Peripheral artery disease (PAD) affects almost 9 million Americans, including up to 20% of those over 60. Many of them are unaware of their condition because they have no symptoms.
Both men and women are affected by PAD; however, African Americans have an increased risk of PAD. Hispanics may have similar to slightly higher rates of PAD compared with non-Hispanic white people.
That’s troubling because early intervention can help you deal with the increased risk for heart attacks and stroke. PAD usually responds to lifestyle changes and medical care but needs to be monitored closely. If left untreated, PAD can result in the need for a major amputation of the foot or leg. This is most concerning because the life expectancy for 60% of PAD amputee patients is only 2 to 5 years.
Remember that PAD may also be called peripheral vascular disease or hardening of the arteries. It’s a condition where plaque gradually builds up in your blood vessels. As your arteries narrow and stiffen, your circulation slows down.
As a result, your body may not get enough oxygen, especially in your arms and legs. The first signs you may notice are muscle aches or cramps in your calves that show up when you walk or climb stairs and go away when you rest.
Keeping your arteries healthy can help you lead a long and active life. Learn more about how to fight PAD.
Medical Care for Peripheral Artery Disease:
- Know your risks. In addition to age, several factors can make you more vulnerable to PAD. That includes having diabetes, smoking, and being sedentary.
- Get diagnosed. If your doctor suspects PAD, they will physically examine your legs and probably perform an ankle-brachial index test that compares the blood pressure in your ankle to the blood pressure in your arm. Additional tests may include angiography and ultrasound scans.
- Take medication. Cilostazol and Pentoxifylline are two drugs commonly prescribed for PAD. Your doctor may also recommend statins to lower your cholesterol and medicines used to manage blood pressure, blood sugar, and muscle pain.
- Monitor blood pressure and cholesterol. PAD is often associated with high blood pressure and cholesterol. In addition to taking your medication as prescribed, your doctor may recommend you monitor your blood pressure at home because it can change quickly. On the other hand, your doctor can provide more accurate cholesterol readings than any current home tests.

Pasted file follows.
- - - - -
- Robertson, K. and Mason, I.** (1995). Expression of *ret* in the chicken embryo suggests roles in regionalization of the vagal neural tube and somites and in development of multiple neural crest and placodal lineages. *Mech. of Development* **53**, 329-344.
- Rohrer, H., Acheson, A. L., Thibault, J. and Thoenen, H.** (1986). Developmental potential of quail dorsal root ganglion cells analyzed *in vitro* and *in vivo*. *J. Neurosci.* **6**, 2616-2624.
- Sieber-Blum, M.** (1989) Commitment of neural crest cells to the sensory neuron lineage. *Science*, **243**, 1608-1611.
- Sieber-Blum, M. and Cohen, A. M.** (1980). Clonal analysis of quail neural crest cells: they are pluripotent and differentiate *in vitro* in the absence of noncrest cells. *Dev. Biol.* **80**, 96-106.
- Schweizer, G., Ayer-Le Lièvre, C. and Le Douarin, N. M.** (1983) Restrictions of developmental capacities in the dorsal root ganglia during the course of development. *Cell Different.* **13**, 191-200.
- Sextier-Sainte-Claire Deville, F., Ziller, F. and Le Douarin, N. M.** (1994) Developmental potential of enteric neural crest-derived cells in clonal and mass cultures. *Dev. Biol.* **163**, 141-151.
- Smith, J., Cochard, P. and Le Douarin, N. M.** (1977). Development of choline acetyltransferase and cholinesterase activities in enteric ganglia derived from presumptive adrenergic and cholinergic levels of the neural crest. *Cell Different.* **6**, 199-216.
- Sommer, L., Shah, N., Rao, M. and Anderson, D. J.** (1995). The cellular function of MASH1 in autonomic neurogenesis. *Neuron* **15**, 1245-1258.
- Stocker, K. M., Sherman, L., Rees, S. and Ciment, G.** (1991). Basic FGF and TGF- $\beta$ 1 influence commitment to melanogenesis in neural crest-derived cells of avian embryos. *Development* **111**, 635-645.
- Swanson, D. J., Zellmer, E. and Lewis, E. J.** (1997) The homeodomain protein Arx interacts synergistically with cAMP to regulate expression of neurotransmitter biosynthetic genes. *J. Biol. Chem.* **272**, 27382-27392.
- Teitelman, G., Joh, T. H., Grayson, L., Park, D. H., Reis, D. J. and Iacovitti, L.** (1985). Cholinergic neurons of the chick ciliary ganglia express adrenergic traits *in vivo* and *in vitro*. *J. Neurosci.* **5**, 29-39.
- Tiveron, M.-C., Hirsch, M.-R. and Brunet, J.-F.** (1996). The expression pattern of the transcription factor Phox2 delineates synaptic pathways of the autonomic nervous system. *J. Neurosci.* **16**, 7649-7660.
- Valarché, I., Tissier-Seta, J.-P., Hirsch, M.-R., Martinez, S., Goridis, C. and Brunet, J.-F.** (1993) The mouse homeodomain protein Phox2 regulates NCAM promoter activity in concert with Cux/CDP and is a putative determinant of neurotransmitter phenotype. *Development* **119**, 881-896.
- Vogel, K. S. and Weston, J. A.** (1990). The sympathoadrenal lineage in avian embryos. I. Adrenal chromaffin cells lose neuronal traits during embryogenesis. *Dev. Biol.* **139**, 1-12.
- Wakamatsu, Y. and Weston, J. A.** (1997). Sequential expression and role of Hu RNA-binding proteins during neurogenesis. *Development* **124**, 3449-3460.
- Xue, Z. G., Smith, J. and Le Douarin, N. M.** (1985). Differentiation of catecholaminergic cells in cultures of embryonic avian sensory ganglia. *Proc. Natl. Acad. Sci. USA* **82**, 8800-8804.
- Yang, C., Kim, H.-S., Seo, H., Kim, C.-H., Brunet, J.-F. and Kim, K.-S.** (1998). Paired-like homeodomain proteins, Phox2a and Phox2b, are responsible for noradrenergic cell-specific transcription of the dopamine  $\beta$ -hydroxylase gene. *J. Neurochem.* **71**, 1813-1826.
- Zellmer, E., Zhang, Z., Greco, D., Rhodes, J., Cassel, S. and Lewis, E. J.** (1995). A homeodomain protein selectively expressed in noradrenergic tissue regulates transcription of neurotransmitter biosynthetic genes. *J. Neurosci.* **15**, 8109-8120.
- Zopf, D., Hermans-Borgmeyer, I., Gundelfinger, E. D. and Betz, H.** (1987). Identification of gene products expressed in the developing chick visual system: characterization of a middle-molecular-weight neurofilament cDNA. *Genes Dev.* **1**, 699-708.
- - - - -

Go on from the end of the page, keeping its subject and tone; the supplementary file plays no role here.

- Consider surgery. In more advanced cases, surgery may be necessary. Angioplasties use a small balloon to hold your arteries open. They’re usually done as an outpatient procedure so that you can go home the same day.
Lifestyle Changes for Peripheral Artery Disease:
- Stay active. Moving around more is one of the most effective ways to fight PAD. If you’ve been sedentary for a while, gradually ease into a regular workout routine. Aim to exercise at least three days a week.
- Do leg exercises. While PAD can affect any part of your body, your limbs are usually the main targets. Spot exercises that target your legs and walking outdoors and on a treadmill can be beneficial. It’s natural if you need to take breaks and rest to minimize discomfort and fatigue.
- Quit smoking. Adults who smoke are four times more likely to develop PAD. If you’ve tried to quit in the past, try again. You might use a nicotine replacement device and go to support meetings. Talk with your doctor about combining methods.
- Limit salt. Using too much sodium can raise your blood pressure. Flavor your dishes with other ingredients, like lemon and garlic. Eat more whole foods instead of processed items and read the labels when buying packaged items.
- Lose weight. Being overweight or obese is another risk factor. Shed excess pounds with a nutritious diet full of vegetables, fruits, whole grains, and a limited amount of healthy fats.
One in three patients with heart disease has PAD, so it can significantly affect your cardiovascular health. Make wise lifestyle choices and talk with your doctor about your concerns.